The program helps further UC’s Urban Impact initiative, an innovative strategy designed to improve the human condition and advance the Cincinnati community through collaborations. Whether it’s educating mothers about breastfeeding or helping diabetic patients with their insulin, Gómez’s students are making that impact on Cincinnati’s Hispanic population.  

At St Vincent De Paul’s Pharmacy, Brigadoi was responsible for collecting patient medical information and ensuring that they knew where to call and what medicines they were taking. She felt like her contribution had an immediate impact, Brigadoi said.

“Many of the families wanted to receive medication so that they could breathe better to take care of their children and home,” Brigadoi said. “I liked being able to do that: close the gaps of communication so that they could understand what was happening so that they felt confident in their health and taking care of themselves.”

The program gives students the opportunity put their classroom knowledge to the test — a vital part of UC’s commitment to experiential learning. A fundamental part of her classes’ experience-based learning is reflection, Gómez adds. She wants her students to think about how the new community relates to them and what they believe their role is there.  

Students also complete a final project for each service-learning course in the program that must be "with the community, for the community." These projects range from videos about Sudden Infant Death Syndrome to classes about nutrition to Spanish cheat sheets for medical professionals to use when no interpreters are available.   

“It’s a good way for the students to have an impact and real experience using their Spanish and skills from nursing, social work or pre-med,” Gómez said.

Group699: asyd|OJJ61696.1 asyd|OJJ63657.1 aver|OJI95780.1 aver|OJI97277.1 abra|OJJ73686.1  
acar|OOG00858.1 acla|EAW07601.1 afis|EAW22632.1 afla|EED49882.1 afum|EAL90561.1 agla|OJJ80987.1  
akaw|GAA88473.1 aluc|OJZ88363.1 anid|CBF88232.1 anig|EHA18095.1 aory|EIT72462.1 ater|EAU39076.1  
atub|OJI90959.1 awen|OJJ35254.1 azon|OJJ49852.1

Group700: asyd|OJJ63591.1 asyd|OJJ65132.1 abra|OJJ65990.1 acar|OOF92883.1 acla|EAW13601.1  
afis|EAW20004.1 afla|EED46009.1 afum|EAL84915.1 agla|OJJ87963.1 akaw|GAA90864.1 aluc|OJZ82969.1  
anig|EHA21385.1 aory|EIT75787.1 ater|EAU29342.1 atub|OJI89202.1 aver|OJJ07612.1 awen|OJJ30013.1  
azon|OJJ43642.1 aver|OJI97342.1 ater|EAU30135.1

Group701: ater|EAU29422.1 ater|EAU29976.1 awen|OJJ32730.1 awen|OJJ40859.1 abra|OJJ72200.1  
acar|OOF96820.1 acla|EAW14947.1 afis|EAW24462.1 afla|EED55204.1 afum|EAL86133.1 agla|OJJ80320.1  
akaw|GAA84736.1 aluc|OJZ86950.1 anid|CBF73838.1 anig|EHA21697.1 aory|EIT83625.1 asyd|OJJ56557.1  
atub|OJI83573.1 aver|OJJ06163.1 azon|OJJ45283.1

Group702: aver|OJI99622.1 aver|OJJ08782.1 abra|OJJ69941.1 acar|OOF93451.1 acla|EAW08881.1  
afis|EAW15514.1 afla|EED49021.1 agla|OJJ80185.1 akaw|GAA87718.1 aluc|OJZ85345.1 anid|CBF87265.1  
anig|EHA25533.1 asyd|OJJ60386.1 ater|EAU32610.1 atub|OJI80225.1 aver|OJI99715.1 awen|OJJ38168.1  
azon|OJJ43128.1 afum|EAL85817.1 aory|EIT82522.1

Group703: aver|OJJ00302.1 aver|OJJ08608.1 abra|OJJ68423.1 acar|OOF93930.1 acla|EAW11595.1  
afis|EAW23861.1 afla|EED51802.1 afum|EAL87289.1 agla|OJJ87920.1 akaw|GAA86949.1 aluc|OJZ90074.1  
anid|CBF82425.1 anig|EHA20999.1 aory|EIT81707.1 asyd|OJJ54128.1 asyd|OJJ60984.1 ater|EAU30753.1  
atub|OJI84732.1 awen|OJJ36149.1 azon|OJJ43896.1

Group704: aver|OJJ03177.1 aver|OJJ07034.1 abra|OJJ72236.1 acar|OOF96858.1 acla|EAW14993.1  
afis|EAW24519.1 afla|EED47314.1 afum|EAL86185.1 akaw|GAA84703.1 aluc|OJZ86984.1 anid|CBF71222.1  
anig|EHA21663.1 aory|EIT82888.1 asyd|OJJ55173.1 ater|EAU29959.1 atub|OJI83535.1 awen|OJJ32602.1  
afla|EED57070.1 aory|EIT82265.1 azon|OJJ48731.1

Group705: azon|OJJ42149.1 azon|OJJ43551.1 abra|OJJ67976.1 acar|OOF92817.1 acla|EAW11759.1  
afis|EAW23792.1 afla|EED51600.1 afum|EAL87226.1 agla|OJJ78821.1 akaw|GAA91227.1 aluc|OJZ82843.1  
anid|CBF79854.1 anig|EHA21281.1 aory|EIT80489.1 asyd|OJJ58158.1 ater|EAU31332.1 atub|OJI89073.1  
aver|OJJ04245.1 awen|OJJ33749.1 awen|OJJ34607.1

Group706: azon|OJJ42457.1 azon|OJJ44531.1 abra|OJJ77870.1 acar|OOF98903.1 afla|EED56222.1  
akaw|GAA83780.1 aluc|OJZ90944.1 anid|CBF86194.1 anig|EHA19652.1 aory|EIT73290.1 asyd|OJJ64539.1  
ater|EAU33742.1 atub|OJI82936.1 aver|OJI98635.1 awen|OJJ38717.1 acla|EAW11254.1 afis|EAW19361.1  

She also encourages students to study abroad so they can do service learning in Spanish-speaking countries and see where their patients come from.

“I think it’s an incredible opportunity to open their eyes to other cultures, social economic statuses and other realities that we are not familiar with,” Gómez said. “That is making them into better human beings.”

According to Luz Elena Schemmel, Santa Maria’s Director of Immigrant and Wellness Services, UC students have played a pivotal part in their ability to offer certain services to the Hispanic community.  

“We have students who have been helping us for more than a year,” Schemmel said. “One of [Gómez’s] students received a volunteer award for her contribution. Other students have applied for Americorps positions and were later hired by us.”

This was the case for Hunter Lang, Santa Maria’s Project Advance AmeriCorps Director, who took three of Gómez’s classes during his last year as an undergraduate student. These made him more prepared to interact with Spanish-speaking patients during the nonprofit’s client hours.

“The Spanish Medical Service-Learning program exposes students to issues of access to medical care, as well as to the barriers that Spanish-speaking individuals experience in our healthcare system,” Lang said. “The classes also train students to be prepared to enter medical and social service fields where they can have a larger impact on a community after graduation. It led directly to my professional development and the career track that I’m on now. It all started in Ligia’s program.”

For more information about the Certificate of Spanish for Service Learning in Social Work and Health Care Services, check out this article.

Featured image at top: Katherine Pastor, a fourth-year nursing major, converses with St. Vincent De Paul’s Pharmacist.